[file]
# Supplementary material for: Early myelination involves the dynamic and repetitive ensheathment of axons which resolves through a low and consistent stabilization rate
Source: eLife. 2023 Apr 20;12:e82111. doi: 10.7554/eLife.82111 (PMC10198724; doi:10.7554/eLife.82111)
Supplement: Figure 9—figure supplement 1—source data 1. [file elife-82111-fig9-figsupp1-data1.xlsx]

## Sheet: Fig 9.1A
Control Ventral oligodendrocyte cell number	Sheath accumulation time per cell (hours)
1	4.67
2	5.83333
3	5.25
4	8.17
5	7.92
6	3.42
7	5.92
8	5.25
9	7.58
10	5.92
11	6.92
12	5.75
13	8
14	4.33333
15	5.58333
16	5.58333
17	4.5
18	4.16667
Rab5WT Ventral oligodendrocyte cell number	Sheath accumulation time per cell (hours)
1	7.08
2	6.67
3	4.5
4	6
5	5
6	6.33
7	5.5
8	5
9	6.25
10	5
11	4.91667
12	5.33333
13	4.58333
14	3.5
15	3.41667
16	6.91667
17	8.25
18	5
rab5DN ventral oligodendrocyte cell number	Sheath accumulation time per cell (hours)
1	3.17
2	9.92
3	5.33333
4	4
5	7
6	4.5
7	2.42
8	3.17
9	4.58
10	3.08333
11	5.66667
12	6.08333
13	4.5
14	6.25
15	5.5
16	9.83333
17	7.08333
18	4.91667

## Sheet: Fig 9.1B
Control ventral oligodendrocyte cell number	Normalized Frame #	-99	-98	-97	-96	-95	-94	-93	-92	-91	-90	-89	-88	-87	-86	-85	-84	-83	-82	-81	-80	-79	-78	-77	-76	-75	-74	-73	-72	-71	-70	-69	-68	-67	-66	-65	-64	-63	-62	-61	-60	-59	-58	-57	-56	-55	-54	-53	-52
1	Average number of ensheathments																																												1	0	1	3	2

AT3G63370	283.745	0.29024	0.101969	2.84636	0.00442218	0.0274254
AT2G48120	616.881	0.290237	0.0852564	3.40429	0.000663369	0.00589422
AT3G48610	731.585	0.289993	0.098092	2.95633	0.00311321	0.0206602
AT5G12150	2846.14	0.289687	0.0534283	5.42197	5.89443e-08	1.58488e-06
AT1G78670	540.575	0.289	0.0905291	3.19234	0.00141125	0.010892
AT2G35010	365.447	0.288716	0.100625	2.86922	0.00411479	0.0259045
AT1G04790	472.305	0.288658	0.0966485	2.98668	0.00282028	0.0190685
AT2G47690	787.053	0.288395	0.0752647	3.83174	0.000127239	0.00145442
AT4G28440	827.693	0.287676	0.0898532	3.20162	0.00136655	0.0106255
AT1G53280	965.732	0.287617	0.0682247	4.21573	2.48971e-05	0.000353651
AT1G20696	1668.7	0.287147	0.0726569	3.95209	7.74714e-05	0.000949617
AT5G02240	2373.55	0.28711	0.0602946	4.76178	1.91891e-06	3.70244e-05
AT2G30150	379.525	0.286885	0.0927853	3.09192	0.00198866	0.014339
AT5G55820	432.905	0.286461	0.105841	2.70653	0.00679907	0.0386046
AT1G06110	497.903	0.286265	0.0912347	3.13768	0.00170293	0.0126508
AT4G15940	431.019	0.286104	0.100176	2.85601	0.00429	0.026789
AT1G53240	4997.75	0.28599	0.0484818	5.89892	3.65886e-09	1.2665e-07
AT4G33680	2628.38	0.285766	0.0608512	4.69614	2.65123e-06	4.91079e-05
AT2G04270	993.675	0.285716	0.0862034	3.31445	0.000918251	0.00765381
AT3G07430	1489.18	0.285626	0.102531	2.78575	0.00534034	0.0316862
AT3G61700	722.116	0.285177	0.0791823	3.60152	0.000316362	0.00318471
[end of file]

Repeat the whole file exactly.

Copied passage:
# Supplementary material for: Early myelination involves the dynamic and repetitive ensheathment of axons which resolves through a low and consistent stabilization rate
Source: eLife. 2023 Apr 20;12:e82111. doi: 10.7554/eLife.82111 (PMC10198724; doi:10.7554/eLife.82111)
Supplement: Figure 9—figure supplement 1—source data 1. [file elife-82111-fig9-figsupp1-data1.xlsx]

## Sheet: Fig 9.1A
Control Ventral oligodendrocyte cell number	Sheath accumulation time per cell (hours)
1	4.67
2	5.83333
3	5.25
4	8.17
5	7.92
6	3.42
7	5.92
8	5.25
9	7.58
10	5.92
11	6.92
12	5.75
13	8
14	4.33333
15	5.58333
16	5.58333
17	4.5
18	4.16667
Rab5WT Ventral oligodendrocyte cell number	Sheath accumulation time per cell (hours)
1	7.08
2	6.67
3	4.5
4	6
5	5
6	6.33
7	5.5
8	5
9	6.25
10	5
11	4.91667
12	5.33333
13	4.58333
14	3.5
15	3.41667
16	6.91667
17	8.25
18	5
rab5DN ventral oligodendrocyte cell number	Sheath accumulation time per cell (hours)
1	3.17
2	9.92
3	5.33333
4	4
5	7
6	4.5
7	2.42
8	3.17
9	4.58
10	3.08333
11	5.66667
12	6.08333
13	4.5
14	6.25
15	5.5
16	9.83333
17	7.08333
18	4.91667

## Sheet: Fig 9.1B
Control ventral oligodendrocyte cell number	Normalized Frame #	-99	-98	-97	-96	-95	-94	-93	-92	-91	-90	-89	-88	-87	-86	-85	-84	-83	-82	-81	-80	-79	-78	-77	-76	-75	-74	-73	-72	-71	-70	-69	-68	-67	-66	-65	-64	-63	-62	-61	-60	-59	-58	-57	-56	-55	-54	-53	-52
1	Average number of ensheathments																																												1	0	1	3	2

AT3G63370	283.745	0.29024	0.101969	2.84636	0.00442218	0.0274254
AT2G48120	616.881	0.290237	0.0852564	3.40429	0.000663369	0.00589422
AT3G48610	731.585	0.289993	0.098092	2.95633	0.00311321	0.0206602
AT5G12150	2846.14	0.289687	0.0534283	5.42197	5.89443e-08	1.58488e-06
AT1G78670	540.575	0.289	0.0905291	3.19234	0.00141125	0.010892
AT2G35010	365.447	0.288716	0.100625	2.86922	0.00411479	0.0259045
AT1G04790	472.305	0.288658	0.0966485	2.98668	0.00282028	0.0190685
AT2G47690	787.053	0.288395	0.0752647	3.83174	0.000127239	0.00145442
AT4G28440	827.693	0.287676	0.0898532	3.20162	0.00136655	0.0106255
AT1G53280	965.732	0.287617	0.0682247	4.21573	2.48971e-05	0.000353651
AT1G20696	1668.7	0.287147	0.0726569	3.95209	7.74714e-05	0.000949617
AT5G02240	2373.55	0.28711	0.0602946	4.76178	1.91891e-06	3.70244e-05
AT2G30150	379.525	0.286885	0.0927853	3.09192	0.00198866	0.014339
AT5G55820	432.905	0.286461	0.105841	2.70653	0.00679907	0.0386046
AT1G06110	497.903	0.286265	0.0912347	3.13768	0.00170293	0.0126508
AT4G15940	431.019	0.286104	0.100176	2.85601	0.00429	0.026789
AT1G53240	4997.75	0.28599	0.0484818	5.89892	3.65886e-09	1.2665e-07
AT4G33680	2628.38	0.285766	0.0608512	4.69614	2.65123e-06	4.91079e-05
AT2G04270	993.675	0.285716	0.0862034	3.31445	0.000918251	0.00765381
AT3G07430	1489.18	0.285626	0.102531	2.78575	0.00534034	0.0316862
AT3G61700	722.116	0.285177	0.0791823	3.60152	0.000316362	0.00318471